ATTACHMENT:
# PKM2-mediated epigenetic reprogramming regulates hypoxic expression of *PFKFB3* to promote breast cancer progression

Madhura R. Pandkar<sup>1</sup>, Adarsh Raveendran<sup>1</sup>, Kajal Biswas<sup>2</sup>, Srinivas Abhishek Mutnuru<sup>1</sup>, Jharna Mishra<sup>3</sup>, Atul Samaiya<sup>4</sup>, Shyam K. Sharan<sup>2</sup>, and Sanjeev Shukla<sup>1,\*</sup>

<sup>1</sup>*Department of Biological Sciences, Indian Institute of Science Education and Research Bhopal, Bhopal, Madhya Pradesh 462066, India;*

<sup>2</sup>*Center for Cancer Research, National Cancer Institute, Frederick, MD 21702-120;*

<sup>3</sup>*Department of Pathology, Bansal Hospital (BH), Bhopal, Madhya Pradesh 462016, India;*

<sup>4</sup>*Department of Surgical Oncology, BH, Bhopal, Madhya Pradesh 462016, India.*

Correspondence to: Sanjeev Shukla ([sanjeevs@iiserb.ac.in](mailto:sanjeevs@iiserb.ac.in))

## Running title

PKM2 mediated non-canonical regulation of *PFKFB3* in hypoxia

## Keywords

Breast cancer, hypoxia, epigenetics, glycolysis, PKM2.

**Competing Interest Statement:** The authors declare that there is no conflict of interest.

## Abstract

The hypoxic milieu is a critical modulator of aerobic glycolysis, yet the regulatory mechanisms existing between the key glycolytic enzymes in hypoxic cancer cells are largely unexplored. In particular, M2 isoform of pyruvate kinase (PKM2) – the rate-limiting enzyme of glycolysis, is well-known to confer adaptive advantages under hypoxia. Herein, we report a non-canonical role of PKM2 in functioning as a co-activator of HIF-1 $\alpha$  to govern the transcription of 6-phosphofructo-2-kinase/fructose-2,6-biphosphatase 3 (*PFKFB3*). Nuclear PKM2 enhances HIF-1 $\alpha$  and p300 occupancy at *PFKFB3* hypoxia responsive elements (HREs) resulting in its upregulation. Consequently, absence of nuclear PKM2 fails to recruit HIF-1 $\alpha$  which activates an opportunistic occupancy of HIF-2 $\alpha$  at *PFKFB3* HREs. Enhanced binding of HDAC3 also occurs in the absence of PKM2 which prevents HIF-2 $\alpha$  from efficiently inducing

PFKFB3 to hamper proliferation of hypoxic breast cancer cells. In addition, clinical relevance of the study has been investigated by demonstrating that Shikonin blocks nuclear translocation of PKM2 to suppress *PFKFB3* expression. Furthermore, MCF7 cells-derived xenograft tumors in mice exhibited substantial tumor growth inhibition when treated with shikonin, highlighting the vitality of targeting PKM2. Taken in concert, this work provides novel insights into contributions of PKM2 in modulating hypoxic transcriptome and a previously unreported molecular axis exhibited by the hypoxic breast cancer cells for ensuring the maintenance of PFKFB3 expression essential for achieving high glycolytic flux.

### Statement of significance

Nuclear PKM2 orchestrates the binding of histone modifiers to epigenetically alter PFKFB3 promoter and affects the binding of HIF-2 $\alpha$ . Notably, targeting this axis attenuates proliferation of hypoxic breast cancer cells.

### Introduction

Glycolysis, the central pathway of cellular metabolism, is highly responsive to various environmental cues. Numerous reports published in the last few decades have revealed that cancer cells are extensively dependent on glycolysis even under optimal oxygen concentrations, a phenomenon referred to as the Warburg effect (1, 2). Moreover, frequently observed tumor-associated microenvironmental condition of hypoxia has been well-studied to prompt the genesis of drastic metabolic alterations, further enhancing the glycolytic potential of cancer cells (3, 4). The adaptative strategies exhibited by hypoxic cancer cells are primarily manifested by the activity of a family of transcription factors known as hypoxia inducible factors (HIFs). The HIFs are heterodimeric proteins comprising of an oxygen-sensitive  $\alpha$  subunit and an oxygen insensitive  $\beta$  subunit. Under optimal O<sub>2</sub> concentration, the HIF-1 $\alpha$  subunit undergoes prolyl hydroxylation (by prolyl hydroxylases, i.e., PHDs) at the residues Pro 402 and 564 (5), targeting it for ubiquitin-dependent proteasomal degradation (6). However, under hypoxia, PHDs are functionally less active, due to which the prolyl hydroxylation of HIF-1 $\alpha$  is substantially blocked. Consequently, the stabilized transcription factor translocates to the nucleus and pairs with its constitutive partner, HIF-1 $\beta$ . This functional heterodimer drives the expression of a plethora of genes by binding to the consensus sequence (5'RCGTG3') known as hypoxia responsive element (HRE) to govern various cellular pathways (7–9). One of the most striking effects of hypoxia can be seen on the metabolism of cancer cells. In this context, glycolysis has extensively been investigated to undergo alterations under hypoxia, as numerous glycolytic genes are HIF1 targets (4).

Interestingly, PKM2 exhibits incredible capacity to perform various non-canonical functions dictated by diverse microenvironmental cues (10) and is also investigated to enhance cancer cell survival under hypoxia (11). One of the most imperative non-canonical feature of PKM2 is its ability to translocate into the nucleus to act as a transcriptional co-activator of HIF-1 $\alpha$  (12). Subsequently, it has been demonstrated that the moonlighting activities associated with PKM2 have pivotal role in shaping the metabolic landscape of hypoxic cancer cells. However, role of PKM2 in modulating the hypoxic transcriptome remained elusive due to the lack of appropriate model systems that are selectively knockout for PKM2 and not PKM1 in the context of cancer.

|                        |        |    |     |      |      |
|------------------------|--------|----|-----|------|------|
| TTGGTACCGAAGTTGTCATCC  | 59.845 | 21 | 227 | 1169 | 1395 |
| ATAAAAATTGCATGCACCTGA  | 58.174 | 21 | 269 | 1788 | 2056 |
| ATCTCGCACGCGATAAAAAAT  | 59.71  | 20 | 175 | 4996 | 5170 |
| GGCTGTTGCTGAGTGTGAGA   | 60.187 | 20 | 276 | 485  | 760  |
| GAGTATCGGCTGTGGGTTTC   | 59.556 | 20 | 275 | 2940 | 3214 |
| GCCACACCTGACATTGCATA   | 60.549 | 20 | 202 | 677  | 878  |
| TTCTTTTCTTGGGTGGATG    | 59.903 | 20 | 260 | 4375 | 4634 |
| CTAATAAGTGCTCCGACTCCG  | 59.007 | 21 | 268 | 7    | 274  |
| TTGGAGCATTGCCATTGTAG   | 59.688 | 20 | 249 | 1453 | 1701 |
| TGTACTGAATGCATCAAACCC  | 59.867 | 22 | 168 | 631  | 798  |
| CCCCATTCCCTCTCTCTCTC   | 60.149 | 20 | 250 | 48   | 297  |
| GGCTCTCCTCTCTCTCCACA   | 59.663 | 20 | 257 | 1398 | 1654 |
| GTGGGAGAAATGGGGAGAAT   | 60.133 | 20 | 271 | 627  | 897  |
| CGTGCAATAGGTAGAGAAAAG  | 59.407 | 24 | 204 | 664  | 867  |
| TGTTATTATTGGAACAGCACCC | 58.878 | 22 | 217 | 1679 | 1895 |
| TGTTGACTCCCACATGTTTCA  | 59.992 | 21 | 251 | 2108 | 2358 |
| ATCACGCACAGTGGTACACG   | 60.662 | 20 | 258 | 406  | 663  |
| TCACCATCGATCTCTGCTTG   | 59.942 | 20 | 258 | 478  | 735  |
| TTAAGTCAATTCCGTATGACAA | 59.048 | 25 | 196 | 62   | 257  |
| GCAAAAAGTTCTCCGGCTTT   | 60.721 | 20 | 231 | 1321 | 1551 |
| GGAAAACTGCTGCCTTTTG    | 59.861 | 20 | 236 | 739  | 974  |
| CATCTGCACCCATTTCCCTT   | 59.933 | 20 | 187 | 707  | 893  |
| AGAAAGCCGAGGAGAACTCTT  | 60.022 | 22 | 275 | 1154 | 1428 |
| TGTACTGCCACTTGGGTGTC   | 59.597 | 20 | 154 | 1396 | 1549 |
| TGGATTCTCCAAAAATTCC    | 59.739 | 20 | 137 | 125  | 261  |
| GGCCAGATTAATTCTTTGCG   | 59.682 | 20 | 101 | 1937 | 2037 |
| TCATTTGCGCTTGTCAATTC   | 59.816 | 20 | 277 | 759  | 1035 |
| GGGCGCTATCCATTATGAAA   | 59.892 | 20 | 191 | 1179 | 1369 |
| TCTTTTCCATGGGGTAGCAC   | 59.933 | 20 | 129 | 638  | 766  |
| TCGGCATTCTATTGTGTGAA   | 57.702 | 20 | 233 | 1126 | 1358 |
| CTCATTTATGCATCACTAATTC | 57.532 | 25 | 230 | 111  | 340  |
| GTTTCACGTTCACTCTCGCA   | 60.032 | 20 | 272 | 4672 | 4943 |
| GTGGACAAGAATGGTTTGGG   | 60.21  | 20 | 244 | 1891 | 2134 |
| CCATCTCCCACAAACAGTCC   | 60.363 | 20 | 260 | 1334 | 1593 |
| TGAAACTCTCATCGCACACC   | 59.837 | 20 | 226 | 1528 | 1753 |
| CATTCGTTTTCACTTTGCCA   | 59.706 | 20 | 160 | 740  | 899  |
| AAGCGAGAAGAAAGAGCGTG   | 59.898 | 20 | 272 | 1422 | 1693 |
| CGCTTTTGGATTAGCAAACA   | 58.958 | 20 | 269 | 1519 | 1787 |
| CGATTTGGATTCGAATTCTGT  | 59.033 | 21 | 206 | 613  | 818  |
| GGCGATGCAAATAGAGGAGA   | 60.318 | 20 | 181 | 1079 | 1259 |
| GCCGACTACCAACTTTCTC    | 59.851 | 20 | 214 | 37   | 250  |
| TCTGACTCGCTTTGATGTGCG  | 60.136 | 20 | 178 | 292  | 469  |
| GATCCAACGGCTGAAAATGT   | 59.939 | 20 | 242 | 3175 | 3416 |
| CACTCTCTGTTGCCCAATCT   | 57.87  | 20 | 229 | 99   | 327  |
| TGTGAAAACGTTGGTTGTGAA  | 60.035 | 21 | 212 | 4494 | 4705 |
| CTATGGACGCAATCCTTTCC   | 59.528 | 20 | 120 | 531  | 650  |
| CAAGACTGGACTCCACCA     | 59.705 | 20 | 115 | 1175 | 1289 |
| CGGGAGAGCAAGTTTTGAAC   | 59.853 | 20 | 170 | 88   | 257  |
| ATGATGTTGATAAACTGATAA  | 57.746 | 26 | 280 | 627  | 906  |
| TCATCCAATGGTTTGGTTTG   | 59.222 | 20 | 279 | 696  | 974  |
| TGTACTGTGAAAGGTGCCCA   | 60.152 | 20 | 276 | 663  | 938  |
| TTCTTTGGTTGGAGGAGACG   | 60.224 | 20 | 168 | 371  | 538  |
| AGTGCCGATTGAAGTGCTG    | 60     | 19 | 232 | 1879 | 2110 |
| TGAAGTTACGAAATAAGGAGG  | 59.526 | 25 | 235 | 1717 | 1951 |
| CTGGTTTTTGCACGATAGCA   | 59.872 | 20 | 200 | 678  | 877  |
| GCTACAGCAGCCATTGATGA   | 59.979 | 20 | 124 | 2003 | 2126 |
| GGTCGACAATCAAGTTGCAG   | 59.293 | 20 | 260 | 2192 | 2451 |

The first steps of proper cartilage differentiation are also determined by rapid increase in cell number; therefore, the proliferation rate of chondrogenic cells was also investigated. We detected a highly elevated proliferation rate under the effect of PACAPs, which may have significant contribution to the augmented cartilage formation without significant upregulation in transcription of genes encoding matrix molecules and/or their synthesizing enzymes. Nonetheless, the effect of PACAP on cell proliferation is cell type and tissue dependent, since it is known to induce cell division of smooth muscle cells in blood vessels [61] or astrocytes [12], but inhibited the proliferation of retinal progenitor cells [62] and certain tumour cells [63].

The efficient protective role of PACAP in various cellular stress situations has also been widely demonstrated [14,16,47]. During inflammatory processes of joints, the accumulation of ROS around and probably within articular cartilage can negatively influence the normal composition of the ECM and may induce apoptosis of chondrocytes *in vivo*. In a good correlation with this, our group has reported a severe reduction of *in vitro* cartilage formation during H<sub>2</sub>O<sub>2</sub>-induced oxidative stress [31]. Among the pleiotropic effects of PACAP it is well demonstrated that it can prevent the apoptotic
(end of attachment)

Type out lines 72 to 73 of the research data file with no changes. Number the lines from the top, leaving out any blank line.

| TCATCCAATGGTTTGGTTTG   | 59.222 | 20 | 279 | 696  | 974  |
| TGTACTGTGAAAGGTGCCCA   | 60.152 | 20 | 276 | 663  | 938  |